Characteristics that viruses do not share with other organisms are: they are not cells that are considered the units of life, they depend on a living cell to replicate and they do not harbor metabolic or energy-producing machinery. One can consider viruses as having unique characteristics such as being the world’s leading source of genetic innovation and as permanently capable of colonizing their host (Villarreal 2004, Suttle 2005).

The theory of Autopoiesis by Maturama & Varela (1998) deals with the question “what is life?” and attempts to define, beyond the diversity of all living organisms, a common denominator that allows for the discrimination of the living from the non-living. An autopoiesis system organizes the production of its own components, so that these components are continuously re-generated and the system can therefore maintain the very network process that produces them. Living beings are characterized by their continuous self-production, so they are an autopoietic organization. Even though the theory of autopoiesis is based on cellular life, viruses can fit in this definition since they have their own organization, and viral complexity is reached by viruses within coordinate and rearrange membranes and the cytoskeleton and even the interaction of the infected cell with neighboring cells (Kirkegaard & Jackson 2005, Novoa et al. 2005, Knoops et al. 2008).

Viruses rely on the host cell infrastructure and metabolism during essentially all stages of their replication cycle, in particular on cell membranes  and the cytoskeleton. Therefore, they have adopted strategies to coordinate a variety of molecular interactions in both time and intracellular  space. They have the necessary enzymes to modify cell structures and mechanisms for their own benefit (Kopek et al. 2007, Miller & Krijnse-Locker 2008).

Viral factories are extensive virus-induced reorganizers of host cell membranes transforming them into a network used to promote viral replication and possibly hide replicating RNA from antiviral defense mechanisms, they facilitate the concentration of viral macromolecules and provide a membrane-based structural framework for RNA replication (Novoa et al. 2005, Kopek et al. 2007, Miller & Krijnse-Locker 2008).

Viral factories are very dynamic structures, in which viral and cell factors move in and out depending on the step of the viral life cycle. In viral factories, mitochondria seem to provide the necessary energy for virus morphogenetic processes (Kirkegaard & Jackson 2005, Novoa et al. 2005, Kopek et al. 2007, Knoops et al. 2008).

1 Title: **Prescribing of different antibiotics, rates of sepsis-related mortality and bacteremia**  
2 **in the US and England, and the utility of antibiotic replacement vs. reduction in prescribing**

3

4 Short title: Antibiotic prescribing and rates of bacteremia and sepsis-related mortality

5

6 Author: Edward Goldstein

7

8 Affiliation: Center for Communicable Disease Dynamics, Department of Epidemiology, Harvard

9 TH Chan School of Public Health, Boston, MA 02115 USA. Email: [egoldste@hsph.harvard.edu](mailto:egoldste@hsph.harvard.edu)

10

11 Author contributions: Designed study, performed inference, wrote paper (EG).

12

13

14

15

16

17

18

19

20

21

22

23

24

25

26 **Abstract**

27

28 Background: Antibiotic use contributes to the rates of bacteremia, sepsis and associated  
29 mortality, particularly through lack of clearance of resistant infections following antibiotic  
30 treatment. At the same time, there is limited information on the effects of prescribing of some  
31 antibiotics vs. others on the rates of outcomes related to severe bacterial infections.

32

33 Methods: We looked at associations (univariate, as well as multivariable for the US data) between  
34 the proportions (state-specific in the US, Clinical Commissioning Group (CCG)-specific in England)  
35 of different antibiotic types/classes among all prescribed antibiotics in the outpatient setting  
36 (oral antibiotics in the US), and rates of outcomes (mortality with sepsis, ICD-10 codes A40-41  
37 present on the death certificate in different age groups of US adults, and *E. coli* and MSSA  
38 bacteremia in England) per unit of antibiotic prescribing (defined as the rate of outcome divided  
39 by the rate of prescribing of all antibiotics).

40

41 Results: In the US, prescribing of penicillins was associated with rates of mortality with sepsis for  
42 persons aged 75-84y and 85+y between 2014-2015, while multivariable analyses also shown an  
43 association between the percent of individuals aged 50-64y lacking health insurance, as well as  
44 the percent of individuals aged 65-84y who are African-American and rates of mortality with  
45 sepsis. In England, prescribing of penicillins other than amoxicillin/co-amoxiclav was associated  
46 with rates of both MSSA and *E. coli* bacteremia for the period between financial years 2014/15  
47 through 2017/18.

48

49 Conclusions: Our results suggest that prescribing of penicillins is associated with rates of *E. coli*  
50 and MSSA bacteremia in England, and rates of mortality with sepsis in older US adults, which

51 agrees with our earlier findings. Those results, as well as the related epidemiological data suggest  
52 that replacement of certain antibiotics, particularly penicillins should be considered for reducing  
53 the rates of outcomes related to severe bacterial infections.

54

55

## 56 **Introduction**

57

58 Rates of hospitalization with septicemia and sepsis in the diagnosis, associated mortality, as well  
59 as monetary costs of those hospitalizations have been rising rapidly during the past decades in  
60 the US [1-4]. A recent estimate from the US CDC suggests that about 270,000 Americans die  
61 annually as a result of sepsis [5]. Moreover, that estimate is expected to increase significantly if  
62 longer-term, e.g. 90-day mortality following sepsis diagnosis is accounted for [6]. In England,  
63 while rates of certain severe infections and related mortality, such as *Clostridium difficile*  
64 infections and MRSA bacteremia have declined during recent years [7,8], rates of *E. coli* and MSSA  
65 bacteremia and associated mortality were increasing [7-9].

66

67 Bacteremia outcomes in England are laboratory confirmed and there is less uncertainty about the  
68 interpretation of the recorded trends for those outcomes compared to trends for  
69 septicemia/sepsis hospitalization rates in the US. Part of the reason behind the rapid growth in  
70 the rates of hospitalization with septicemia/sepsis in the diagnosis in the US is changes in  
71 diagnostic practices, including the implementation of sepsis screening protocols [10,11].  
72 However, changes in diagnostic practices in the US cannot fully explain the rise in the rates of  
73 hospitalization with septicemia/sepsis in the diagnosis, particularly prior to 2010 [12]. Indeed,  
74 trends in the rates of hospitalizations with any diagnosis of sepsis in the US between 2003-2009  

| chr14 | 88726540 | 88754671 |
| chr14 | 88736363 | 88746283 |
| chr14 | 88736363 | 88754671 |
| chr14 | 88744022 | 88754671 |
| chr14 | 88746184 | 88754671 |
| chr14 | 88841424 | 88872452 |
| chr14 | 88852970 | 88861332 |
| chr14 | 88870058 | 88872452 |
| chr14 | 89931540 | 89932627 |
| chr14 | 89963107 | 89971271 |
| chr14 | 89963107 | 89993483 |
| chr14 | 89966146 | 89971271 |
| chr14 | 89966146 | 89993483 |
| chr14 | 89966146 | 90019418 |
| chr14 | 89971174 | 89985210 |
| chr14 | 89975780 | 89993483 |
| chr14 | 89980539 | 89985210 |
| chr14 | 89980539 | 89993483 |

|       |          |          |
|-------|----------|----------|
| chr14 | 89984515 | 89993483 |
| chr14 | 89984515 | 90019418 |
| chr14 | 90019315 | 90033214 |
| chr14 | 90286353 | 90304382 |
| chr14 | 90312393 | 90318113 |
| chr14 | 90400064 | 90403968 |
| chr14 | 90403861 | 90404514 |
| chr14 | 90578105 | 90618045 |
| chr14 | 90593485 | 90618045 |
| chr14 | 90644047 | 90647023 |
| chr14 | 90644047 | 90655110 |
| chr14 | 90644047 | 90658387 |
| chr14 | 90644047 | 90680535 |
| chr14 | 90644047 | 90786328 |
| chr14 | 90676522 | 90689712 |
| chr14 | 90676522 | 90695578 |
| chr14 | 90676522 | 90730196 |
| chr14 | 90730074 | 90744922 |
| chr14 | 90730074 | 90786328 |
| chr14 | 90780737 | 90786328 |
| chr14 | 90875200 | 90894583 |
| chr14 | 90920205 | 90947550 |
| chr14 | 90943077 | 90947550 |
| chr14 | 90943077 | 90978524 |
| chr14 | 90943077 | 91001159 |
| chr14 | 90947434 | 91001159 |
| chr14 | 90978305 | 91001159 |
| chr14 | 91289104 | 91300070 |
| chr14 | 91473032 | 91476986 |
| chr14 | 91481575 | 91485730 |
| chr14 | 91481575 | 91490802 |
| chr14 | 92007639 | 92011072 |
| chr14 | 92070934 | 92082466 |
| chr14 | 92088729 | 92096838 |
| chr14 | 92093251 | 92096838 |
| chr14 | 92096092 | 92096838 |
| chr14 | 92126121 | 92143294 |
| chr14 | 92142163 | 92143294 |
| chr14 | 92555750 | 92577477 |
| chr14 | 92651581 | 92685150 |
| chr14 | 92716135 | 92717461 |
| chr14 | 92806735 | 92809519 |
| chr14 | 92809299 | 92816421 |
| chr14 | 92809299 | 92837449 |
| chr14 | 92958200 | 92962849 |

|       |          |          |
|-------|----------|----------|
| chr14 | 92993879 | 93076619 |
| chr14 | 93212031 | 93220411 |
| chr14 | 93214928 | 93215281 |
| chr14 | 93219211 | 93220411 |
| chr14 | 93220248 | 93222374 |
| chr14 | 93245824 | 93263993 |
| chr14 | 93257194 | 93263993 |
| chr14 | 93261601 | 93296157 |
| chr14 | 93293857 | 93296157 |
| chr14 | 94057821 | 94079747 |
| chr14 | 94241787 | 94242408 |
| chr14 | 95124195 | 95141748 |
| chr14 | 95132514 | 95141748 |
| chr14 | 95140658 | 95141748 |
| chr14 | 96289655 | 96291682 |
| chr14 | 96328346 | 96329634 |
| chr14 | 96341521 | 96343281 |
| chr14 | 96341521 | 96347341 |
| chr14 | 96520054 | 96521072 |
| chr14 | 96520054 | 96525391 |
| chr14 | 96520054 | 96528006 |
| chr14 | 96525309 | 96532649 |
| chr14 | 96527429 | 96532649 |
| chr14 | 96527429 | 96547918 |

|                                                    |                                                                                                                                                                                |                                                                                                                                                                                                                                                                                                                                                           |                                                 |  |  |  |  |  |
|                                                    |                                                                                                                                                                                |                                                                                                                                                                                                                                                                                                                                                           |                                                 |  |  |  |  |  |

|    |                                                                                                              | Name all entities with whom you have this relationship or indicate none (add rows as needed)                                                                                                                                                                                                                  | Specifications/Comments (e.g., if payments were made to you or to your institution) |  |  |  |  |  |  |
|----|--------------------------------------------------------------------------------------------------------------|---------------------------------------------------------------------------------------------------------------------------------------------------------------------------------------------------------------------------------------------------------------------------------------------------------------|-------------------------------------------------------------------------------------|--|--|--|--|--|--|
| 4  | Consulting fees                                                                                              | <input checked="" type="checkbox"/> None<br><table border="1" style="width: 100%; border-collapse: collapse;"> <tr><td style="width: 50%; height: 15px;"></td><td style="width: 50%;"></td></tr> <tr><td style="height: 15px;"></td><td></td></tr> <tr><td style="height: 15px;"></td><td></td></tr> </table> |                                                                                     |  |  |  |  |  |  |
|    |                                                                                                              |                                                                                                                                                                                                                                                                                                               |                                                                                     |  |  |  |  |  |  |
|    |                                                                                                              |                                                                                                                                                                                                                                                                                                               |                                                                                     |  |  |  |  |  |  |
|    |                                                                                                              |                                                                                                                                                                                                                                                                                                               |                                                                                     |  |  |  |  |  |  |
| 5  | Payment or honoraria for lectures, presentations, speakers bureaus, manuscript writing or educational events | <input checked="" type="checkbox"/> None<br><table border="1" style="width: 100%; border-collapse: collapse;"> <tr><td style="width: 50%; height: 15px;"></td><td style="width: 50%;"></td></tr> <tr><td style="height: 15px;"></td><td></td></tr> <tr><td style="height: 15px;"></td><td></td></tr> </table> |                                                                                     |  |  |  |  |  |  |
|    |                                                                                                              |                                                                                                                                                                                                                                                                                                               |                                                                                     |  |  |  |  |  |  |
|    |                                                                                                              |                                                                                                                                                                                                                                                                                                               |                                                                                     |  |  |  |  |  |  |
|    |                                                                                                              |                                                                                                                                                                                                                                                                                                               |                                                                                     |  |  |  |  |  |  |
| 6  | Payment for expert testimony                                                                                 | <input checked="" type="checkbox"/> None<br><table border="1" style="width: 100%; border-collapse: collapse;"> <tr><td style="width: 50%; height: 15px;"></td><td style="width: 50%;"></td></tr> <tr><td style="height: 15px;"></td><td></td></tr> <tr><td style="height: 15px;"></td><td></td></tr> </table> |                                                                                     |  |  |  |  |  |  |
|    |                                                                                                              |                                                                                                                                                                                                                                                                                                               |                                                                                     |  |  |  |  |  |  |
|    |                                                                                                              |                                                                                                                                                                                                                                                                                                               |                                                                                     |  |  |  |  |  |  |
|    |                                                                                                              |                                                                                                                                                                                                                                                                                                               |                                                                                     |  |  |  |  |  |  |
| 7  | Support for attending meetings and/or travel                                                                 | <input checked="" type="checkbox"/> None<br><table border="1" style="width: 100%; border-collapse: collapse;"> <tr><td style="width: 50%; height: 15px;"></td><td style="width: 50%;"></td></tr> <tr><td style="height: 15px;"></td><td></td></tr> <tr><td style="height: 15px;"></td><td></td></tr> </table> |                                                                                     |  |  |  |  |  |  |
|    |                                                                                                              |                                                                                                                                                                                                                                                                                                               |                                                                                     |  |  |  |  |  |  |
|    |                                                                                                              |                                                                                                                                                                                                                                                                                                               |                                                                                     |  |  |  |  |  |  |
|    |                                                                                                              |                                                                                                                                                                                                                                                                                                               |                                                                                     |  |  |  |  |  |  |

All these processes indicate that viruses have evolved elaborate strategies to modify cellular mechanisms that are involved in vesiculation and transport for their own purposes. Although some cellular-interaction partners have been identified, a detailed understanding of the molecular mechanisms of membrane remodeling by viruses is still lacking (Kopek et al. 2007). Non-structural viral proteins can induce alterations of  intracellular host cell membrane structures, and can recruit cell components required for viral replication and for membrane bending, thus helping the virus

These are just a few examples of how viruses interfere with very important cellular processes and therefore become an intrinsic part of the cell since they can modify cells and lead them to their death, permanently invade the cell genome, induce a persistent and a latent infection and their presence can produce immune tolerance or autoimmune diseases. Viruses have developed many clever ways to avoid detection by the host  immune system – essentially every step in the immune process can be altered or controlled by various genes found in one or another virus  (Fairweather 2009).

Raoult et al. (2004) described a giant DNA virus Mimivirus, with unique morphological and genomic characteristics that has been classified as a member of a new distinct Nucleocytoplasmic Large DNA virus family, the Mimiviridae. These viruses, because of their size, the complexity of their genome that harbors three genes for aminoacyl-tRNA synthetases described for the first time in a viral genome and four unique orphan genes, challenges the definition of viruses and even the definition of an organism (Raoult & Forterre 2008). Suzan-Monti et al. (2006) have recently proposed a new classification of Mimivirus, since its genome revealed features shared with other viral, bacterial or cellular genomes as well as features unique to this virus. The only differences to date between the Mimivirus and small obligate intracellular bacteria are the absence from the virus of ribosomal proteins and of proteins involved in energy metabolism, and multiplication of the virus by assembly of pre-formed subunits.